An evaluation of primary school children’s involvement in food related activities compared
Cardiff Metropolitan University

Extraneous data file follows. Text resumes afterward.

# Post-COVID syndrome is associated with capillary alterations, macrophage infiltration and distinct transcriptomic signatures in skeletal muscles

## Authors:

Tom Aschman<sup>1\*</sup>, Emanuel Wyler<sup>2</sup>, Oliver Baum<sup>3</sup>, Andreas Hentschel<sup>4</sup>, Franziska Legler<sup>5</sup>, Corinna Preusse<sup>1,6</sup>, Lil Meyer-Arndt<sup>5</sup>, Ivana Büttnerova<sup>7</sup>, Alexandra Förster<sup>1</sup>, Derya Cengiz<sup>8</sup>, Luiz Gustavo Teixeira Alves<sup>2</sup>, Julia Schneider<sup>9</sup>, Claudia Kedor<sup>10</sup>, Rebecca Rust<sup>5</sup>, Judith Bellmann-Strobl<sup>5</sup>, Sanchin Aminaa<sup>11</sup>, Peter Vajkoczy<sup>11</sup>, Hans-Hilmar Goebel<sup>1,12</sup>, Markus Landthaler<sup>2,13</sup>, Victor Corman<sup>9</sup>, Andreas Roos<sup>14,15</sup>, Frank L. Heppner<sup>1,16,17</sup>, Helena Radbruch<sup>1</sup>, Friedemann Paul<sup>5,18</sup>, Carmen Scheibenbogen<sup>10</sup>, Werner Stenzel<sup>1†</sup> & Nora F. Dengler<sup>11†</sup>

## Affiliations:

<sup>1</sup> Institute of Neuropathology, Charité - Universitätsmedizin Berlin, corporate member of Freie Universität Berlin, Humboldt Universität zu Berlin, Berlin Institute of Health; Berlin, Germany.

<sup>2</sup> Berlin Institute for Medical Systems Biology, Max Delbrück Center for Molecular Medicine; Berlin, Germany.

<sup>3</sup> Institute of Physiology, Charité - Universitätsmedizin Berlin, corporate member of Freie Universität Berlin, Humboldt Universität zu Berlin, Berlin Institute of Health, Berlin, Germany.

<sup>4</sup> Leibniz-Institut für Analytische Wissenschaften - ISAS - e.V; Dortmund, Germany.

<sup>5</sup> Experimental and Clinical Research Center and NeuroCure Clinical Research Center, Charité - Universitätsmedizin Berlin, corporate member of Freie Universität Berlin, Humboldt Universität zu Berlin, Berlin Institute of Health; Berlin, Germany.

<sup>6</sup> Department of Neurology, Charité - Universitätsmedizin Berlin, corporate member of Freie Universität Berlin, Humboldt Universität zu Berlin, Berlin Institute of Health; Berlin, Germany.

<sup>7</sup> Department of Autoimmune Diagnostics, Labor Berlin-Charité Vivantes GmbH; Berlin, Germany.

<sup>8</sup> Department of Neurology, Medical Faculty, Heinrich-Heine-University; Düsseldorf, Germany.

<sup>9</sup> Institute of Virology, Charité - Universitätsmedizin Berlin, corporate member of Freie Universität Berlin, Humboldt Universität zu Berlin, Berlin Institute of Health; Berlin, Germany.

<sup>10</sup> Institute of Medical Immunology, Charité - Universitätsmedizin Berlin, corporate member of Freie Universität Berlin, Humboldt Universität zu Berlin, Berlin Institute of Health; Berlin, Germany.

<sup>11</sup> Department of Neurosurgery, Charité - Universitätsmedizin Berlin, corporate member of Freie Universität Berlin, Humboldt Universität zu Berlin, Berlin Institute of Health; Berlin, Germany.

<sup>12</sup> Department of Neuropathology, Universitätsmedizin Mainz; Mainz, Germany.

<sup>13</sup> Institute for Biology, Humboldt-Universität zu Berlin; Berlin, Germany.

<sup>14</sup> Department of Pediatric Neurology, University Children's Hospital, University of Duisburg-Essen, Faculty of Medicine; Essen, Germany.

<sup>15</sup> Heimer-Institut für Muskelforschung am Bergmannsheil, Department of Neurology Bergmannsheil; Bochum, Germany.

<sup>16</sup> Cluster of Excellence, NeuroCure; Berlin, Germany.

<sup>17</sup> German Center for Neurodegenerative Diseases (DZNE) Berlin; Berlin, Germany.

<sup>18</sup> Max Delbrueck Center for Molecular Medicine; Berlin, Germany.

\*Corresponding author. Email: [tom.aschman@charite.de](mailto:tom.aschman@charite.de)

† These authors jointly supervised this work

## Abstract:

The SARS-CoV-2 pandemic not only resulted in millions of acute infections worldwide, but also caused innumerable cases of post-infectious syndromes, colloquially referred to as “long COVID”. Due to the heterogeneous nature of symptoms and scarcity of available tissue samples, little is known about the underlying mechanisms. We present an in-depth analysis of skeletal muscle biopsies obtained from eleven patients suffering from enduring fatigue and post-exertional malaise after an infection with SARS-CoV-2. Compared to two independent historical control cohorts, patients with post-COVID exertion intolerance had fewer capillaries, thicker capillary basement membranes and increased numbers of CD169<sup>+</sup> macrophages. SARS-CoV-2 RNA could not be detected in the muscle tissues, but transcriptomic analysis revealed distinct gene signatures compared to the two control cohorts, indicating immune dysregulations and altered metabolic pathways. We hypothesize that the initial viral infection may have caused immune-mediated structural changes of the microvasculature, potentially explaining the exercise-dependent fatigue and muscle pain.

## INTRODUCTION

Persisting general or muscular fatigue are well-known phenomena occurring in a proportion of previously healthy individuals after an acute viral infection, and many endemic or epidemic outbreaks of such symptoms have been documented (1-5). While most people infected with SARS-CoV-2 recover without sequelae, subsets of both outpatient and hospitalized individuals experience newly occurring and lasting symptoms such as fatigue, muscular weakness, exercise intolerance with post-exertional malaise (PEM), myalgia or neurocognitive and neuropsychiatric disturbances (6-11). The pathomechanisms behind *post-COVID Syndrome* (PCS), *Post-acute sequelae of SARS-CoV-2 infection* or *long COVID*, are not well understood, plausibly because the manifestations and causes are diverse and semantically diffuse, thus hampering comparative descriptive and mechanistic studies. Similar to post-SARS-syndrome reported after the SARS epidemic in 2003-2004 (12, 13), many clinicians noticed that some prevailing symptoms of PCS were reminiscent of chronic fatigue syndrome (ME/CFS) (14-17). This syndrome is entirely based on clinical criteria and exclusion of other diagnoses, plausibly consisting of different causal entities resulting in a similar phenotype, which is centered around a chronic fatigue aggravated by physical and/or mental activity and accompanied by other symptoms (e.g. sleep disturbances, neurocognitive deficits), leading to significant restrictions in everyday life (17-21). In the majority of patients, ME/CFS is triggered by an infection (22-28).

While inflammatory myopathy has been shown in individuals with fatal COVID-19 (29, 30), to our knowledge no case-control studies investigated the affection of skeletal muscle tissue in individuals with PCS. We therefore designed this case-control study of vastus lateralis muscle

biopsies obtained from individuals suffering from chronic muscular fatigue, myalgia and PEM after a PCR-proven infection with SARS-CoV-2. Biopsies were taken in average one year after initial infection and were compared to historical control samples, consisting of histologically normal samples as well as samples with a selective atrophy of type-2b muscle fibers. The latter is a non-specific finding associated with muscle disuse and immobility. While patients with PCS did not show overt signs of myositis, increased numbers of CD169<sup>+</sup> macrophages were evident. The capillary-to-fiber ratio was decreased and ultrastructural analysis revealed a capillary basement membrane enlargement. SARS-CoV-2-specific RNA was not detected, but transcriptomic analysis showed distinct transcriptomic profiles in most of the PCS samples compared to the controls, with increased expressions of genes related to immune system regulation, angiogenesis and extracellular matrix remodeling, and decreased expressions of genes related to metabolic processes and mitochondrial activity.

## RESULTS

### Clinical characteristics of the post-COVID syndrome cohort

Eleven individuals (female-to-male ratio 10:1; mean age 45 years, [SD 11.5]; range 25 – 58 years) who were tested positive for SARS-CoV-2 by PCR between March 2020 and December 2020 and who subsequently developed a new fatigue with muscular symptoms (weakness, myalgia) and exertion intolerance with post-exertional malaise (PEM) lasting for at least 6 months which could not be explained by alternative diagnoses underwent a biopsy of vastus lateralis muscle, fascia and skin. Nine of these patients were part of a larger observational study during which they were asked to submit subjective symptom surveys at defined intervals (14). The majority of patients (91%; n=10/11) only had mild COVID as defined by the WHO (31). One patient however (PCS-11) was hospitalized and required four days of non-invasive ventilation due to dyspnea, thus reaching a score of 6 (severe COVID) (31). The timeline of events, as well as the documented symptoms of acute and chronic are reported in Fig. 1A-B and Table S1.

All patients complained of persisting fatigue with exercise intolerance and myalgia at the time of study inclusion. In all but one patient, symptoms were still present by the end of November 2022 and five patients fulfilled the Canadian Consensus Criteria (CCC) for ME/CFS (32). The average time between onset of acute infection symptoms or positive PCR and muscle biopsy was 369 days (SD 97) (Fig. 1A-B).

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Background – Questionnaires were used to gather information about the involvement of UK primary school children aged 5-11 in food related activities, and parental attitudes towards their participation. Methods – To explore the level of engagement that children have in food related activities such as; food shopping, preparation and portioning compared with the attitudes of their parents towards their involvement in these activities. A cross sectional study based on selfadministered questionnaires from 44 parents of primary school children aged 5-11. Results – The majority of children attended shopping trips and participated in food preparation. Children whose parents had a higher attitude score had greater involvement in food related activities such as food shopping, food preparation (including a higher variety of food preparation activities) and a greater freedom to choose options at meal times. Similarly age was found to be statistically significant when compared with total involvement. Older children (9-11) were more involved. The majority of participants (68%) strongly disagreed/disagreed that their child/children was not interested in participating in these activities. However time and age were identified as barriers to parents, preventing them from encouraging their children to participate more. Conclusions – Parental attitudes towards children’s participation in food related activities that were perceived to be good, positively corresponded with greater child engagement. Time and age on the other hand were the main barriers discouraging participants from involving their children in food preparation.
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